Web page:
Influencers, the present and future of advertising

Brands are approaching the most influential figures on social networks as a new channel of publicity amid the debate on how to regulate sponsored content

Marta Reche is the creator of the blog MartaBarcelonaStyle
Marta Reche is the creator of the blog MartaBarcelonaStyle
The term influencer refers to people with a prominent online reputation, with a major presence on social networks and a community that supports them. In the digital ecosystem and in that of marketing, in which content is considered king, brands are looking to these new figures to find new channels of advertising to help make them more visible to a larger and more varied audience. In the conference, The Future of Advertising, some of these figures explained how they became influencers and their relationship with the brands that contact them.

One of them is Marta Reche, creator of the blog, MartaBarcelonaStyle. She began it because she could not find any she liked and so decided to fully dedicate herself to her own. Around her she has created a community of followers that means she receives a constant stream of proposals from different brands looking for her recommendation. "The relationship with the brand depends on its aims. There are a thousand variations, and the channel depends on the objectives," says Reche.

She says that she finds brands "to be quite open and trusting of my judgement as to what works." Above all, she says, "if I have to change my style, it does not work and, moreover, it damages my reputation."

Anna Gorse is a 22-year-old who makes a living on YouTube as ladylondown. "My public knows that I like doing advertising and that it helps the creation of content," she says. In her case, she believes that brands "normally lack flexibility at the beginning, but you have to make it clear to them what can and cannot be done."



The Influencers table during The Future of Advertising conference

The limit between recommendation and advertising
While in the United States it is considered an infraction for bloggers not to declare if content is sponsored, here it is not regulated. Thus, each influencer manages things in their own way, either more or less openly. In the case of Marta Reche, she points out that with sponsored content, which basically translates as the recommendation of products, "you have to know how to do it, you need experience so that the advertising is not so obvious." It is a position that contrasts with that of Gorse, for whom "in the same way that in the bakers they do not apologise for selling bread, there is no problem in saying that you are selling a product to your followers."

Sabrina Ayala has created her community of followers around her creations on sabrinaseaofcolors.com. "The consumers expect the advertising to go unnoticed, they trust your opinion. Therefore, you cannot just sell anything because they are paying you," she says. Ayala points out that "brands have to understand that this is a job, they cannot expect just to buy you just like that. We have invested time that now has to bear fruit."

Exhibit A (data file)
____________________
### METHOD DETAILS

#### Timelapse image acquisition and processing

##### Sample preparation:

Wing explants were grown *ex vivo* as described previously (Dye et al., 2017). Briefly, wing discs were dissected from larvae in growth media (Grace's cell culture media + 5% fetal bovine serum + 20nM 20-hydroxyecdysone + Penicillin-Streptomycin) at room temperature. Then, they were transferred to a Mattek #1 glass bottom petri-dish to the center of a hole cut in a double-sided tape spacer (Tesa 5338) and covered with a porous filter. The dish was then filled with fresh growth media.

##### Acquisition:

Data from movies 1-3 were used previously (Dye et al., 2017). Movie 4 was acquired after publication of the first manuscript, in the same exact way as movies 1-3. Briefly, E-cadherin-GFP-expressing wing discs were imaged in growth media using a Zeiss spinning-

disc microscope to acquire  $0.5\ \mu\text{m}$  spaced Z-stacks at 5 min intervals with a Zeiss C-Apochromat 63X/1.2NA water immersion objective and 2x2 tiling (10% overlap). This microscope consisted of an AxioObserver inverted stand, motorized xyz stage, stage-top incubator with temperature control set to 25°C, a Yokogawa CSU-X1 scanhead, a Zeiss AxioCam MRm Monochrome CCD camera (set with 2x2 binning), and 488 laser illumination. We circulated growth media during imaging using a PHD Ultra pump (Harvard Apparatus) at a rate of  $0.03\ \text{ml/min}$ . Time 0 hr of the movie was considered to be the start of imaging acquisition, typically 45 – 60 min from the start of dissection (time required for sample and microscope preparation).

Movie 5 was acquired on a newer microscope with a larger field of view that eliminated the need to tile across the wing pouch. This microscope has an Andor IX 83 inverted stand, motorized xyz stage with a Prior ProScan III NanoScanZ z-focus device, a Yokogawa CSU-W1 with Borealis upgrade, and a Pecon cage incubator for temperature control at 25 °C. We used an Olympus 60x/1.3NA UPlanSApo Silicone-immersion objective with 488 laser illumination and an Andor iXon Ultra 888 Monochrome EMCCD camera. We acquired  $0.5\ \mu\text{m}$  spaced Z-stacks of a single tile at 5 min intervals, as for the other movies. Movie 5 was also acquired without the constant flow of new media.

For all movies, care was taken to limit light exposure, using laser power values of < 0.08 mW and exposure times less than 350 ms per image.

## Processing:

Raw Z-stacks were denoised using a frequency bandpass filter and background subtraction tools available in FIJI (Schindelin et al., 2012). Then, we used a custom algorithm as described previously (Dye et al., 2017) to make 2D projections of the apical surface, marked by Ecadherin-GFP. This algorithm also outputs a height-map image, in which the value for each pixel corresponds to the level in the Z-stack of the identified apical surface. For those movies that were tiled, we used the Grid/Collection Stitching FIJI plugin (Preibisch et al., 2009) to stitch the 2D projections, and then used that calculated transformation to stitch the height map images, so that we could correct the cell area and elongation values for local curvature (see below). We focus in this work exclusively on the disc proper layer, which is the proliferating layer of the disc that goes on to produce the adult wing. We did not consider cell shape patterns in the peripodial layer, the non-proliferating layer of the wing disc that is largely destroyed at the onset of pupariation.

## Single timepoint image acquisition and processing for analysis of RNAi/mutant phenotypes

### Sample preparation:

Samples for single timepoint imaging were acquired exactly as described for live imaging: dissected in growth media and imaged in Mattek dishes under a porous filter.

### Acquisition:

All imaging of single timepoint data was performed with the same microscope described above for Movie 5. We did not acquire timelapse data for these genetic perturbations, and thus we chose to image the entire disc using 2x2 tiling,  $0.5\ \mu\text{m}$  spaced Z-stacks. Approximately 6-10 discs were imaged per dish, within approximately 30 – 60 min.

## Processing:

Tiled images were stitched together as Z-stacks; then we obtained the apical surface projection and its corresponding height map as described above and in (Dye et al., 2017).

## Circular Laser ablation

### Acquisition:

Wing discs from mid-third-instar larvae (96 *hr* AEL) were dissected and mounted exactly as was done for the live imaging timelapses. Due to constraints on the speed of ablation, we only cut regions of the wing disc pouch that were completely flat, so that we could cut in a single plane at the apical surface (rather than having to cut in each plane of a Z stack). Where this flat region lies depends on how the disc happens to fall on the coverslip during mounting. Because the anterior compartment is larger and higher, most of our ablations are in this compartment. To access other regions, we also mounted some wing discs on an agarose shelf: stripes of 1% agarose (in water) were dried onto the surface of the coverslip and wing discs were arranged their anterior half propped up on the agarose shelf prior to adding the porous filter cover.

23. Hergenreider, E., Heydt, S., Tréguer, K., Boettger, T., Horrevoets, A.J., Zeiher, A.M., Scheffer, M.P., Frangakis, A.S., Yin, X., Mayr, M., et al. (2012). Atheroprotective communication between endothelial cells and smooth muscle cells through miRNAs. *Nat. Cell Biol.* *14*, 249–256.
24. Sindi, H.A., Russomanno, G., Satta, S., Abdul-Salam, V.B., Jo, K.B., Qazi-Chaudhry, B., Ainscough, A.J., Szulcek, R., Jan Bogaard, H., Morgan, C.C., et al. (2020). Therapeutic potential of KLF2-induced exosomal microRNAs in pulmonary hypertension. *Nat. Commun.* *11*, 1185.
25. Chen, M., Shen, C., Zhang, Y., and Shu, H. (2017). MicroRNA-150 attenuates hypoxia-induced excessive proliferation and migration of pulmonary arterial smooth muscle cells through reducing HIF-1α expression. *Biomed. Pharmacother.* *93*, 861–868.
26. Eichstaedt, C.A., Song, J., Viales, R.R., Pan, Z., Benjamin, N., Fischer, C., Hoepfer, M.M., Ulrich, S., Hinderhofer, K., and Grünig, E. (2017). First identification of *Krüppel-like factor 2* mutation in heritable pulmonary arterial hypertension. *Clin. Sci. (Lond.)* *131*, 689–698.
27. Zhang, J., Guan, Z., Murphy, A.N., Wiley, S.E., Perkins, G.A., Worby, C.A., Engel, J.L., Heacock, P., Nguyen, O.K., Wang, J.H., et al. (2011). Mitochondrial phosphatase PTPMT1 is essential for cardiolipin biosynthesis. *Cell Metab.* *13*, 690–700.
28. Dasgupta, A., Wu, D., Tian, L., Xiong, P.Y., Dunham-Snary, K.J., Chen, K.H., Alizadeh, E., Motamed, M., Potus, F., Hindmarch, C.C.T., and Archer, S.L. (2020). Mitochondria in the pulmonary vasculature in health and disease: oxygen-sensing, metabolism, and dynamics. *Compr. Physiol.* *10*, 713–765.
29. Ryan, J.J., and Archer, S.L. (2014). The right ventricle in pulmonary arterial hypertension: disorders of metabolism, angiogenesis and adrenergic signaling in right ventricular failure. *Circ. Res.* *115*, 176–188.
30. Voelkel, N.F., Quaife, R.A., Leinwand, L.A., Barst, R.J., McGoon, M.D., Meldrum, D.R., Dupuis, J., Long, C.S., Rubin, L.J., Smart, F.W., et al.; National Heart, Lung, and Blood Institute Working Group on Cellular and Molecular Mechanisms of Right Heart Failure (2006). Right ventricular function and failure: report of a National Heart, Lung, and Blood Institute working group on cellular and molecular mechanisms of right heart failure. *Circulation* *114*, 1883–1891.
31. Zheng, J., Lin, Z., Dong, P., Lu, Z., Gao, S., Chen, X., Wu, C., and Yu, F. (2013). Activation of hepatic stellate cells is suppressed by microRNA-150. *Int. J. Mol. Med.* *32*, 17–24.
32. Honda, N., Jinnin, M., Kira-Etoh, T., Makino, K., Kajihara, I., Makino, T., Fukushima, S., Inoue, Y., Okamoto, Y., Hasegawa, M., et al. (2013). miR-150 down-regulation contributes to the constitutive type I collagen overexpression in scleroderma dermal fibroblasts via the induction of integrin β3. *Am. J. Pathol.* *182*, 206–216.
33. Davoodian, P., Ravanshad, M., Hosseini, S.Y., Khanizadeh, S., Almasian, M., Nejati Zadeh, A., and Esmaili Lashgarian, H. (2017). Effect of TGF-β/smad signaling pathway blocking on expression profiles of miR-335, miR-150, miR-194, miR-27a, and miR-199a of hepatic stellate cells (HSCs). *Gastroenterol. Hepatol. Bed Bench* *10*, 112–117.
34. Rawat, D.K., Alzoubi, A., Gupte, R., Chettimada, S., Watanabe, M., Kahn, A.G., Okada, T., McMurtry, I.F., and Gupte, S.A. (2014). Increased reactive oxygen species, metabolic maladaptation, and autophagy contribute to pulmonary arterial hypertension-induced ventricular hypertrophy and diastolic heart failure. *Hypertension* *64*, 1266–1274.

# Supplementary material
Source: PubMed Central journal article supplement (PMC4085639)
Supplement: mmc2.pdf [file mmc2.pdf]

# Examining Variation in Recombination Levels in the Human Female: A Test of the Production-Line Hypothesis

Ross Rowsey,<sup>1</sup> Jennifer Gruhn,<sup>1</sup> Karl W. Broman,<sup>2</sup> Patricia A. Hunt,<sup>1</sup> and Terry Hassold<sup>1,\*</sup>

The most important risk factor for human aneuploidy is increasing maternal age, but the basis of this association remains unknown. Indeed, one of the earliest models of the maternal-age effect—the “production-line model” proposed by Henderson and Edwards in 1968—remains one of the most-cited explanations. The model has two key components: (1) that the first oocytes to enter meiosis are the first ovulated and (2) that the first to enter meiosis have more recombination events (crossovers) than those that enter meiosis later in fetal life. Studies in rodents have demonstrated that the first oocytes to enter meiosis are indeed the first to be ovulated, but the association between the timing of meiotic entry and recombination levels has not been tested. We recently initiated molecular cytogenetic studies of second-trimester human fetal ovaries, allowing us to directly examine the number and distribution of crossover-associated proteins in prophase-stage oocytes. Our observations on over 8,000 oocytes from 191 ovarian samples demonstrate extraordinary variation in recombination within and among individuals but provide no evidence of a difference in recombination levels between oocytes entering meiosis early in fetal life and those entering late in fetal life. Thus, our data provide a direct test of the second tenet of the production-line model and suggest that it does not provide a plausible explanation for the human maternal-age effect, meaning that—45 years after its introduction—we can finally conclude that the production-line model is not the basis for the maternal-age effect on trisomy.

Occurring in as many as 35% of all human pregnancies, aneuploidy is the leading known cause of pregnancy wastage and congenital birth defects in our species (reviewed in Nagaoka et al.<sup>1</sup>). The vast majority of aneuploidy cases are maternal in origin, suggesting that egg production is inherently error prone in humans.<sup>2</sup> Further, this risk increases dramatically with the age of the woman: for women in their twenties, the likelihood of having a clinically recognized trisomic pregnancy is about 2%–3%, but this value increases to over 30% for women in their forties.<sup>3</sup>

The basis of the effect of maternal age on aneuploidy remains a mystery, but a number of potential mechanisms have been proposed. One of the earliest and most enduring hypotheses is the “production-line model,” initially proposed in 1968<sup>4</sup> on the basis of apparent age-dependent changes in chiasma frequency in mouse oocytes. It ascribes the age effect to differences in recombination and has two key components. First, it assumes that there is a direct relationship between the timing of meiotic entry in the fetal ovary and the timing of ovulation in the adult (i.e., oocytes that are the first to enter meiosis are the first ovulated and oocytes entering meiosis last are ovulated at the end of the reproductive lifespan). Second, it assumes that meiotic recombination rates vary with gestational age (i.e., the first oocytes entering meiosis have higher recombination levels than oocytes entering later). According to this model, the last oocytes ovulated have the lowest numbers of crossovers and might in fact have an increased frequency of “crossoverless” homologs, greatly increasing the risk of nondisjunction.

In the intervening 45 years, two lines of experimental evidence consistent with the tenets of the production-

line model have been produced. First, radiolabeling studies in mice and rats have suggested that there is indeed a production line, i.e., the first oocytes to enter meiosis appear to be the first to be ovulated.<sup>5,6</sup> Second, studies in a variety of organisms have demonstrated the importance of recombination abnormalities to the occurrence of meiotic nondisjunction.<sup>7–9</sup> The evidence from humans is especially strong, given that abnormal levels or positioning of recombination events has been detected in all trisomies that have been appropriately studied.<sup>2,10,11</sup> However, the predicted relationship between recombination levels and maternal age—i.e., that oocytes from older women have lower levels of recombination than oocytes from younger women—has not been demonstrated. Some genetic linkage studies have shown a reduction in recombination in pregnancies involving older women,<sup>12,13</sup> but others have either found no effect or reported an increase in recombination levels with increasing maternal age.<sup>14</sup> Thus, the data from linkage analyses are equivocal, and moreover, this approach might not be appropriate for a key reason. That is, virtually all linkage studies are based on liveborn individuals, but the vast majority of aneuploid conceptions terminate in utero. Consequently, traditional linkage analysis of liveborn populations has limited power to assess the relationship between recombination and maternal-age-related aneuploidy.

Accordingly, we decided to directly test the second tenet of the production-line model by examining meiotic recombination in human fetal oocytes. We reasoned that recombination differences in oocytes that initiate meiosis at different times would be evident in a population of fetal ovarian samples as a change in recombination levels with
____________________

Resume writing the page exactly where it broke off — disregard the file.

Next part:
All three influencers agree in only accepting agreements with brands that line up with what is expected of them by their followers. "I have turned down men's clothes and watches or walking boots. A glance at my blog shows that they are not areas I cover," she says ironically.

Gorse is more blunt and insists that "sometimes they ask you for things you do not do or that you know your public will not like." Therefore, she invites brands to think carefully about who they ask things from. "Brands are very lazy," she says. Nevertheless, she recognises that "if you had no morals or ethics, you could end up with many more subscribers."

Explaining stories around them
Jordi Pi is executive producer of digital media at the Corporació Catalana de Mitjans Audiovisuals (CCMA). The country's public media has also taken on new channels through the creation of content with the presence of brands that pick up a large part of the cost. "Brands have to begin explaining stories from the creators of content. They have to give up certain things to understand the language of the creators," reflects Pi, who invites them to "stop doing awful 20-second adverts on social networks."

For Jordi Pi, "if the brand is a commodity and is part of the story, not only is not bothersome but it can even act as leverage." The CCMA has experienced this with the web series Em dic Manel. "What bothers people is gratuitous exposition, the consumer knows the role played by brands and it is about giving them the role they deserve," he insists.

"There are no bad brands, just bad messages and bad stories," says Pi. At the same time, he recommends brands be patient in their dealings with these content creators. "When they try to marry the two models, the problem is that it produces something unstable. It makes no sense proposing a routine to a YouTuber," he makes it clear. To his mind, however, "it has to become a little more professional to more clearly monetise this world and balance out proposals."
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